The Phone Corporations That Ruined Fathers Day
by Peter Wagner, June 18, 2013
On Sunday, some families had to choose between wishing dad a Happy Father’s Day on the telephone and putting food on the table. These days, most telephone calls are practically free, but for the 2.7 million kids in the United States who have an incarcerated parent, a call home can break the bank.
Most prisons and jails give their telephone contract to a single company that charges up to $17 for a 15 minute call. Phone bills are high in part because the prisons and jails demand that the phone companies kick back up to 84% of the revenue to the facility, and in part because the Federal Communications Commission has stalled on regulating the industry for more than a decade.
In a normal market, the vendors who offer the lowest price and best service win the contracts; but in the prison phone market jails choose the vendor that promises to charge the highest rates and offer the highest kickback, or “commission.” The jails make the final decision on awarding the contracts, and the poor families who end up paying the bills are left entirely out of the decision.
Charging almost $1/minute may raise short-term revenue for a prison or jail, but it has long-term costs for society. All of the social science research shows that strong community ties are one of the best predictors of success after a person is released from prison or jail, but the prison telephone market threatens those ties. The families of incarcerated people end up paying $1 billion a year for overpriced telephone service, and we all pay for high recidivism rates and less safe communities.
A recent report Prison Policy Initiative report I co-authored, “Please Deposit All of Your Money: Kickbacks, Rates, and Hidden Fees in the Jail Phone Industry,” found that charging $1 per minute for a phone call is just the tip of the iceberg: a network of fees, hidden from the commission system, can double the price of a call. The phone companies rake in additional profit by taking every opportunity to charge customers for “services” such as:
- accepting customers’ money (deposit fees of up to $10/deposit)
- holding on to customers’ money (monthly account fees as high as $12)
- closing customers’ accounts (refund fees of up to $10)
To top it all off, the monopoly contracts allow the prison phone companies to turn bad customer service into a revenue source. In the normal phone market, companies like Verizon and AT&T battle it out over who can lay claim to the largest, fastest and highest quality networks. But here, companies like Global Tel*Link, Securus, and ICSolutions find revenue in *dropping* calls because each call has both a per-minute fee and a per-call fee of up to $4.95. Every single dropped call requires the caller to redial and pay the phone company a new connection fee. These companies have no financial incentive to ensure that calls are not dropped inappropriately and every incentive to drop as many calls as possible. It therefore shouldn’t be a surprise that the dropping of calls is one of the leading complaints from the family members of incarcerated people.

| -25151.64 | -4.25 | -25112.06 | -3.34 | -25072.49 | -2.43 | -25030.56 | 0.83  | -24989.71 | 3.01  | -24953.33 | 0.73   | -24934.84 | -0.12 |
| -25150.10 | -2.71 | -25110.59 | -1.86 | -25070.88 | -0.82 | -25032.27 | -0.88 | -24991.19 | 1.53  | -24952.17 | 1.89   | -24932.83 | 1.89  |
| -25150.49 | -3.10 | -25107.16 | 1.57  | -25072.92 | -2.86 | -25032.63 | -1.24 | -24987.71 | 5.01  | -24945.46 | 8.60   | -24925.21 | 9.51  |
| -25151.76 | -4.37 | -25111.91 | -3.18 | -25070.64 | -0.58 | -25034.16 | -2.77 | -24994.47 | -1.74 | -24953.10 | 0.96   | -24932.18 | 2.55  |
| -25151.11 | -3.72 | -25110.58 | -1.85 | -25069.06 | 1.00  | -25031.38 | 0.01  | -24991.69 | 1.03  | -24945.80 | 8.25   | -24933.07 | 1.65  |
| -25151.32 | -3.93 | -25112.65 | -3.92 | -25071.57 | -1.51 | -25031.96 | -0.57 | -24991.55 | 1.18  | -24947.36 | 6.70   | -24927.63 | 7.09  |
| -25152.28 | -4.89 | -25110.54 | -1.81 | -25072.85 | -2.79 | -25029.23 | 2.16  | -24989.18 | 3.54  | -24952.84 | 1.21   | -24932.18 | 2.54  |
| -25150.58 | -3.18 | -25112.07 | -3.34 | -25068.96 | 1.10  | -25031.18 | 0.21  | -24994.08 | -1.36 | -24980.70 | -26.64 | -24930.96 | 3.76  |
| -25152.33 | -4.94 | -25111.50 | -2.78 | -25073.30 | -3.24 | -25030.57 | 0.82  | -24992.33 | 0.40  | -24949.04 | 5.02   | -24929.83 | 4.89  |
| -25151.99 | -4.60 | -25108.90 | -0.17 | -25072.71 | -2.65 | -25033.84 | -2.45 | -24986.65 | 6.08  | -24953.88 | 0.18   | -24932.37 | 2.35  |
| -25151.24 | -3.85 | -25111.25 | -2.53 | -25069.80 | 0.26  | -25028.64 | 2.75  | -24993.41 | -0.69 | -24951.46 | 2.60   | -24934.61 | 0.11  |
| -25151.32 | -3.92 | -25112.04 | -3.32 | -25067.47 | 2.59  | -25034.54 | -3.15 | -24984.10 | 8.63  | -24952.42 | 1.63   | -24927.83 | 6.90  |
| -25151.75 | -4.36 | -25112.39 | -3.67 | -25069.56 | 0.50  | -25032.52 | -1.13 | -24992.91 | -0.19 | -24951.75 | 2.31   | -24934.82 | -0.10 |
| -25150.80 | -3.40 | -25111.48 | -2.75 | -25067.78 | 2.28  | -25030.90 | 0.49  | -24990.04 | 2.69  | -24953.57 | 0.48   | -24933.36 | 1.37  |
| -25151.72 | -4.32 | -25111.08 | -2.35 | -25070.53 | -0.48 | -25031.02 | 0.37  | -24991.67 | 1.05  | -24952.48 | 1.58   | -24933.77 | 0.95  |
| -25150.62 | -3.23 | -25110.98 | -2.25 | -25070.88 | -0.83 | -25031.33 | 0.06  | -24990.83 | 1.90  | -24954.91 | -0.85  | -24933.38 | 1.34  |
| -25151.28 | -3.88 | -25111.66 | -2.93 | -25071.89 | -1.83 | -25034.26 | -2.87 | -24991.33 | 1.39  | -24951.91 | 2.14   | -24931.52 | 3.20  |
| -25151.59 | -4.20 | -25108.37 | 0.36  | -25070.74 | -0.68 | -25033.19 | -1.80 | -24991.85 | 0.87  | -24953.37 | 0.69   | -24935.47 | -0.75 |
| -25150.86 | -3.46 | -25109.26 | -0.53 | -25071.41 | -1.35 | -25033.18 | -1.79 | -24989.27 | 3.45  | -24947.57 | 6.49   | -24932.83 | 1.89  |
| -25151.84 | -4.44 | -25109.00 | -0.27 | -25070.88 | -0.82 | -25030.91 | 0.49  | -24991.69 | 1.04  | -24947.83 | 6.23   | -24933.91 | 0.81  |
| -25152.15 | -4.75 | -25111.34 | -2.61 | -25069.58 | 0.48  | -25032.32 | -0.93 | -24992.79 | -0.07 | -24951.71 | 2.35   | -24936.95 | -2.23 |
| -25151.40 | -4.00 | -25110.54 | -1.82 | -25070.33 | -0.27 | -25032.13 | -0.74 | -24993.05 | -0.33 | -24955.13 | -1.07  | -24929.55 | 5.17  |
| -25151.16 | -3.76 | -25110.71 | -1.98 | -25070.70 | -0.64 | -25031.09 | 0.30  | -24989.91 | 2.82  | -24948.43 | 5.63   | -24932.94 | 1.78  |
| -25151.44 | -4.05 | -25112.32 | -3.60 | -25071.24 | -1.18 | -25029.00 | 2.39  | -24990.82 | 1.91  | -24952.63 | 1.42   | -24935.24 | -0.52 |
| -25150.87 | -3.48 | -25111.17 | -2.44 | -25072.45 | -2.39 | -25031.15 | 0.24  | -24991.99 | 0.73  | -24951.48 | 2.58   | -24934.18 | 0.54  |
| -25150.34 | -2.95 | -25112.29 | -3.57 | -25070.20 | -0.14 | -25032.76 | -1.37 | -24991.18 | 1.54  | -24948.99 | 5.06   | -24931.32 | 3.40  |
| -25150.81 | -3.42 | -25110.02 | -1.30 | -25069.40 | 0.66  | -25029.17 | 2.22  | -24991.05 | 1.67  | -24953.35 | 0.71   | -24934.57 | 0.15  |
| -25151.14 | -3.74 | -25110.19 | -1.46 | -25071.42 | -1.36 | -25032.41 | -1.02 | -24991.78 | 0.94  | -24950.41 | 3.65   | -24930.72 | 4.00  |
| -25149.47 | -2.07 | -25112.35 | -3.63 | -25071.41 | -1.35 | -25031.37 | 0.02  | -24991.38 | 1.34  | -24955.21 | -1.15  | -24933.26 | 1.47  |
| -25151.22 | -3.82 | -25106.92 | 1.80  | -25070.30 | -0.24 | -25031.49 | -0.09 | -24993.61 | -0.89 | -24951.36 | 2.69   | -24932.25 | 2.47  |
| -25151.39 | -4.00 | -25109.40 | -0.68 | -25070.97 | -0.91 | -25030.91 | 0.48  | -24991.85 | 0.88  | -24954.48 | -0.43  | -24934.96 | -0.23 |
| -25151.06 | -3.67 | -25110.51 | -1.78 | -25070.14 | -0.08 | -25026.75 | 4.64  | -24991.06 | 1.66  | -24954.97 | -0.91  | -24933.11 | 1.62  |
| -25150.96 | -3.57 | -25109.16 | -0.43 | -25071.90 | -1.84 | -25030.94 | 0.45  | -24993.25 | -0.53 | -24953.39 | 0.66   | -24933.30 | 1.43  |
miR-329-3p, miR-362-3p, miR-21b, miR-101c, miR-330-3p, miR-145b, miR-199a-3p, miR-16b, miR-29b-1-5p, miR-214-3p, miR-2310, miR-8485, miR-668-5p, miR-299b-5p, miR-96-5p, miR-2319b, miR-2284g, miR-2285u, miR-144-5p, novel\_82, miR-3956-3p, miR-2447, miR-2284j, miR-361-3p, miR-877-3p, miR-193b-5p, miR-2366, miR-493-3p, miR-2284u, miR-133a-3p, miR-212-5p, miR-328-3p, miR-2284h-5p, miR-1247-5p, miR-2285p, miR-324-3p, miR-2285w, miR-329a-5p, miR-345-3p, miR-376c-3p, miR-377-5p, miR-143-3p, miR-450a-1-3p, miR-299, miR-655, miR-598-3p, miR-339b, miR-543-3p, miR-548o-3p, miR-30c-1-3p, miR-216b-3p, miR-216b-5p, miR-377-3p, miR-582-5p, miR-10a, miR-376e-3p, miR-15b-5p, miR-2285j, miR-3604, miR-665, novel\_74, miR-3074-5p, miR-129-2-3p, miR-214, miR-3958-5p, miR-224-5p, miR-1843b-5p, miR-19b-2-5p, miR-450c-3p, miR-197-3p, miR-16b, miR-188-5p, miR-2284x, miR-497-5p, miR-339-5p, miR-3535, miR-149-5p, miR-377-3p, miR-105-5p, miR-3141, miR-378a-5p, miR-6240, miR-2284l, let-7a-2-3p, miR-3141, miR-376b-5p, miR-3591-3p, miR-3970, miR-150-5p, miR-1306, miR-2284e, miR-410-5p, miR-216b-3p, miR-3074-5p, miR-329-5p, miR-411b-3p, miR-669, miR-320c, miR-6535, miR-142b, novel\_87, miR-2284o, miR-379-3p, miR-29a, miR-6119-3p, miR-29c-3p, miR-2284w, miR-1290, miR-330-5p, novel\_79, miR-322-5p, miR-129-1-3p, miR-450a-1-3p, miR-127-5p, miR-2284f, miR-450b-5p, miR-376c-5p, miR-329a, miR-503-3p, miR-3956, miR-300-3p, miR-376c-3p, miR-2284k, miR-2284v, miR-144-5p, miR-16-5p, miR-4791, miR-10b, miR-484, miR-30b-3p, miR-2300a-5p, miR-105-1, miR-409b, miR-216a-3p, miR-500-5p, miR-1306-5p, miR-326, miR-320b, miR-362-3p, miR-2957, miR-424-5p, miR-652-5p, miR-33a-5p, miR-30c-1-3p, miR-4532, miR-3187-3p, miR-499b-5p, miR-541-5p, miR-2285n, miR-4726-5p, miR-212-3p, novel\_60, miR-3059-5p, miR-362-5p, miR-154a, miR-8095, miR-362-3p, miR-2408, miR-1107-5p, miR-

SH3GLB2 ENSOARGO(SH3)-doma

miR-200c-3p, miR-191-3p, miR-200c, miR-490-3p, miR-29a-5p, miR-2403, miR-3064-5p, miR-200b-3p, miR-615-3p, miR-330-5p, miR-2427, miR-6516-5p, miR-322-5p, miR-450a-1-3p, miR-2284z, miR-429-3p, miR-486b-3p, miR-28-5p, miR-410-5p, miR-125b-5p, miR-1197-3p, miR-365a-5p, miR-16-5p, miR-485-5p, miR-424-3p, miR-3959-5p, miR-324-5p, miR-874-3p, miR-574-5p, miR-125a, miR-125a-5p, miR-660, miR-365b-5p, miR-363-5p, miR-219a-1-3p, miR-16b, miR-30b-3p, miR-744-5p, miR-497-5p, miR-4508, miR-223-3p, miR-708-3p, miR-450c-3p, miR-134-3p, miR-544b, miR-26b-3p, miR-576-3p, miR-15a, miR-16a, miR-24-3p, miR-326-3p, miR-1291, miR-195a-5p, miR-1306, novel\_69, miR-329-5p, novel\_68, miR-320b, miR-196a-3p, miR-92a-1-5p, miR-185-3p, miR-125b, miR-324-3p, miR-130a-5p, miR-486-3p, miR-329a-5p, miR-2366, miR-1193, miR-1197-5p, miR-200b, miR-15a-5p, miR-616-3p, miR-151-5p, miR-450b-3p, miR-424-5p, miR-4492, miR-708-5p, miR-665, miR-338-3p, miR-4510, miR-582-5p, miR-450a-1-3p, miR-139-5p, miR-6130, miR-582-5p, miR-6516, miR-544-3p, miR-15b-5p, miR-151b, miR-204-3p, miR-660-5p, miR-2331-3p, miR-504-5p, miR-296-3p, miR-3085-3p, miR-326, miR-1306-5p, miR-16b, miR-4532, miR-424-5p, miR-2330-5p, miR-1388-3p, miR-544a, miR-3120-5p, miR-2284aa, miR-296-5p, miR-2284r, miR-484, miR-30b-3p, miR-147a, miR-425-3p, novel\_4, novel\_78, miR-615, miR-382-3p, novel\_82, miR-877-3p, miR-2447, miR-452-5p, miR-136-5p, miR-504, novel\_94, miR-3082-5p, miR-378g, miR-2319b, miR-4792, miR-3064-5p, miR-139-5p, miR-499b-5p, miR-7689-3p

Fortunately, there is a clear solution to fix this broken and exploitative market: the Federal Communications Commission can step in to cap the rates and fees phone companies are allowed to charge in prisons and jails. Low rates in New York and in the federal prison system demonstrate that it is possible for phone companies to offer affordable rates that allow families to stay in touch while also making a profit. The FCC issued a Notice of Proposed Rulemaking in December to ask the companies and advocates a series of questions about the true costs of this industry. The companies largely ignored the FCC’s questions, but a diverse coalition of advocates presented clear evidence that the cost to call home could be quickly made affordable.
Last Friday, the FCC announced that it has scheduled a workshop on July 10 to review, among other things, state reforms of prison calling rates, and to discuss the cost of providing telephone service to the families of incarcerated people. We note that since we released our report last month, two companies have already improved their refund policies, and the second largest company, Securus, has agreed that calling rates are too high and that refund fees are “unwarranted.” We’ll have to see if the industry leader, Global Tel*Link — which was recently purchased for $1 billion from Goldman Sachs — is finally willing to provide useful answers to the FCC’s questions. Regardless, the FCC should act quickly to step in and protect the poorest families in the country from the exploitative prison phone industry.
The prison phone companies have shown that they have no incentive to treat the people paying their bills like customers. Until the FCC acts, we can be sure that the industry will ignore their customers and continue to look solely to their partners in contract and in profit — the jails and state prison systems — for approval.
Update June 19, 2013: Don’t miss the great International Business Times story that links back to this blog post! -Peter